I turned right out of the marina, towards Milton Keynes.  It was about 11.15.  The Taverners Cruising Club seemed to be having a work party weekend, as there was planting going on, and a bit tea round had been made.  At the next offside moorings, a moorhen has nested in a floating tyre.

Cosgrove Lock was against me, so I tied up and filled the lock.  When it was ready I hauled the boat in, and spotted that a boat which had been on the water point had set off — so I waited.  The chap arrived on foot first, and his opening gambit was to suggest that I push Briar Rose over to the other side, to save him going round to the other side.  Of course it would have meant me going round instead, and it would have been impossible to pull the boat out of the lock that so, so I declined.  The lady steering thanked me for waiting for them, but when the lock was empty and the gates were open, she shot out, he closed his gate, he jumped on the boat and they were off.  I’ve always understood the etiquette to be that if you arrive at a lock second, you let the boat that was there first go first — or at least offer that option, particularly if the first boat has waited for you.  However, it then took me a few moments to pull the boat out by which time they were long gone.  Fortunately, a boater walking up the towpath said he’d shut the gate for me, which was nice.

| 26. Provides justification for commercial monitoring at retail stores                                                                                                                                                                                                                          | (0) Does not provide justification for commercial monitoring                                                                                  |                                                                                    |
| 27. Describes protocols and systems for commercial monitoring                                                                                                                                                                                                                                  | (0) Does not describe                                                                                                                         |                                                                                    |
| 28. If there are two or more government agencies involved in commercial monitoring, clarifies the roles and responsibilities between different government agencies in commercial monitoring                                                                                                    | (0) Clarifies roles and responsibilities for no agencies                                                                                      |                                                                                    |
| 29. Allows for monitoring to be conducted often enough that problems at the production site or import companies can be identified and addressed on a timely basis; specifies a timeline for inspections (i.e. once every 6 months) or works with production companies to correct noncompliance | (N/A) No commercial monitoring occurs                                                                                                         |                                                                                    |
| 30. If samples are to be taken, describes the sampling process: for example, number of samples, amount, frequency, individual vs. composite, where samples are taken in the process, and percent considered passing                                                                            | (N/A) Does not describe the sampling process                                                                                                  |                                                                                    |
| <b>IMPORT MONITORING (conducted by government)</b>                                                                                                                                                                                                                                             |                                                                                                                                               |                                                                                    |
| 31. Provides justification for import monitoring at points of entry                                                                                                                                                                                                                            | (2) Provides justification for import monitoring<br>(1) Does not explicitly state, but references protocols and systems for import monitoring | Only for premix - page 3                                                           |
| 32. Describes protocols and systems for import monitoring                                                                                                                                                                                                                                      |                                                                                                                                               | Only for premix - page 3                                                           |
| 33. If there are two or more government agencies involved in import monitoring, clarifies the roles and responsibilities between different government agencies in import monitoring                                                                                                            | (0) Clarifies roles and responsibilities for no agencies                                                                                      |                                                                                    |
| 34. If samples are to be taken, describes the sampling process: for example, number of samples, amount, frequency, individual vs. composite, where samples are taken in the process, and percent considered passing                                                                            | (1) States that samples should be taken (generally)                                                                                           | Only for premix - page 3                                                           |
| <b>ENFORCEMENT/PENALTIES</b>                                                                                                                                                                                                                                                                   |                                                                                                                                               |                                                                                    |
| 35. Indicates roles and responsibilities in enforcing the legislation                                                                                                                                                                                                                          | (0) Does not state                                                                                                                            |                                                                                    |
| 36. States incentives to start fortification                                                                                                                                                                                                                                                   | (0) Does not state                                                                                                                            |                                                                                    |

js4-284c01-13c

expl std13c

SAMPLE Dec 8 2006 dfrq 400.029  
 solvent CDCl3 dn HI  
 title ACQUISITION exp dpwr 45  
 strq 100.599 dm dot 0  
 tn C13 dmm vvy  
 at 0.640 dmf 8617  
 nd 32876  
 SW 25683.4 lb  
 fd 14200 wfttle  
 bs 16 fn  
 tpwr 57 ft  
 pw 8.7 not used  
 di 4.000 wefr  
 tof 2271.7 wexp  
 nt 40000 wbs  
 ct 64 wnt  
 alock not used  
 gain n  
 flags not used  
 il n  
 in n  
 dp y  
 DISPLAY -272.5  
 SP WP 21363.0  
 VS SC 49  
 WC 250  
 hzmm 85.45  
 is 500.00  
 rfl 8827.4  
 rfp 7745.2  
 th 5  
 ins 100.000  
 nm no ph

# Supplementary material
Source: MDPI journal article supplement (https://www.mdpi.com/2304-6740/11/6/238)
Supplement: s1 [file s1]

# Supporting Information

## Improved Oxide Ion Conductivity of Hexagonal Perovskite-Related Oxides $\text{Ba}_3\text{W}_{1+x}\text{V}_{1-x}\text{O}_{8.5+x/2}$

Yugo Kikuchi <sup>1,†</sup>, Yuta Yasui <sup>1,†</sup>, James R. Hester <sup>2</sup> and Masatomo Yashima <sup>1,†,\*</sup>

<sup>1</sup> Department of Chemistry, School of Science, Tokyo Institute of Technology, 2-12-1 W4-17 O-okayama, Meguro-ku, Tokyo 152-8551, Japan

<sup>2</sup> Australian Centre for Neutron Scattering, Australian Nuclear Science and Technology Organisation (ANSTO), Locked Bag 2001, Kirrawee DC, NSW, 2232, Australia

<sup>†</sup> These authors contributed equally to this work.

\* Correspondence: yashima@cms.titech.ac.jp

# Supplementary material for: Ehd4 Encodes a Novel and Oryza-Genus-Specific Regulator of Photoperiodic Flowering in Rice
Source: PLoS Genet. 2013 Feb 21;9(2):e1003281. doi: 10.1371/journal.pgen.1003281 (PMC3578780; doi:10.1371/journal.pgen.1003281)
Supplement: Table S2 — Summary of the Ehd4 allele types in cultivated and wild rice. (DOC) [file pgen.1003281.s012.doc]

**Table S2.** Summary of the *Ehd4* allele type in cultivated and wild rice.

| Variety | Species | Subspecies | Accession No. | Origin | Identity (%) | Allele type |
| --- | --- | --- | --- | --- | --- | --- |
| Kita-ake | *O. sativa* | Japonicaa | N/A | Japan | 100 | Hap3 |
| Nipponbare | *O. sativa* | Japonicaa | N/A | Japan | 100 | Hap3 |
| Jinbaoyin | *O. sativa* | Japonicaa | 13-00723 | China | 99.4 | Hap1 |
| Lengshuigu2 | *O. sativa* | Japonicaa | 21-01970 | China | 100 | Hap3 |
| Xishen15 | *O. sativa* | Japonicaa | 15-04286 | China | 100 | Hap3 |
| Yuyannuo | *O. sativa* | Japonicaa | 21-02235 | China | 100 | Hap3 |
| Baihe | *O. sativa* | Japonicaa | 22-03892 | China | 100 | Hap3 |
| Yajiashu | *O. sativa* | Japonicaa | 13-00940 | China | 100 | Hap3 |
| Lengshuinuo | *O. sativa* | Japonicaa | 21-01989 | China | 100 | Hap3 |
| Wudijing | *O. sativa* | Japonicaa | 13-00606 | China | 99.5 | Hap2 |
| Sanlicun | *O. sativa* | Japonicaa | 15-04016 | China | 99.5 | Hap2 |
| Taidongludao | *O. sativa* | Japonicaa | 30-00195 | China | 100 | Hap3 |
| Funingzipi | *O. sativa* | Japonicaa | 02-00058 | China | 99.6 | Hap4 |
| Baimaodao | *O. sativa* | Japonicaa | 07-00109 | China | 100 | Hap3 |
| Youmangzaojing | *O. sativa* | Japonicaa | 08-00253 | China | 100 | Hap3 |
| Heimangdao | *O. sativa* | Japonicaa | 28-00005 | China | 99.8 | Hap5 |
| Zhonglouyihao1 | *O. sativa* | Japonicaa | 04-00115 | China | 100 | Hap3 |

There had only been one boat moored in Cosgrove, but below the lock was choc a bloc.  I think there was only one space which would have been long enough, had I wanted to stop.  As it happened, I didn’t.  Between the Galleon and Wolverton, a duck is nesting in a boat’s rooftop flower pot.  I will attempt to get a decent photo tomorrow, as I failed this morning.  There were lots of boats moored either side of Bridge 74, so I was worried that my planned destination before the next bridge would also be busy.  However, there was plenty of space, so I picked a nice open spot.  As I had my lunch, the clouds disappeared and there was suddenly bright sunshine.

To make the most of the weather, I washed the towpath side of the boat, then prepped the scratches on the gunwales and put some Fertan rust treatment on.  I polished the washed side too, which took a while, by which time the cratch cover was dry meaning I could paint it with Fabsil to re-waterproof it.  I’m sure it will look greener again when the Fabsil is dry, but right now it looks really good.

There was a fifteen minute period when lots of boats passed in both directions, including two day boats from Cosgrove.  I’ve had a really productive day, especially given it’s a post night shift day, and I’m expecting to sleep well tonight.  Even though it’s really warm now, I might light the fire later because clear skies could mean it gets pretty cold.

5 miles, 1 lock.

Saturday 8 April 2023

Stewart Simm spec boat on test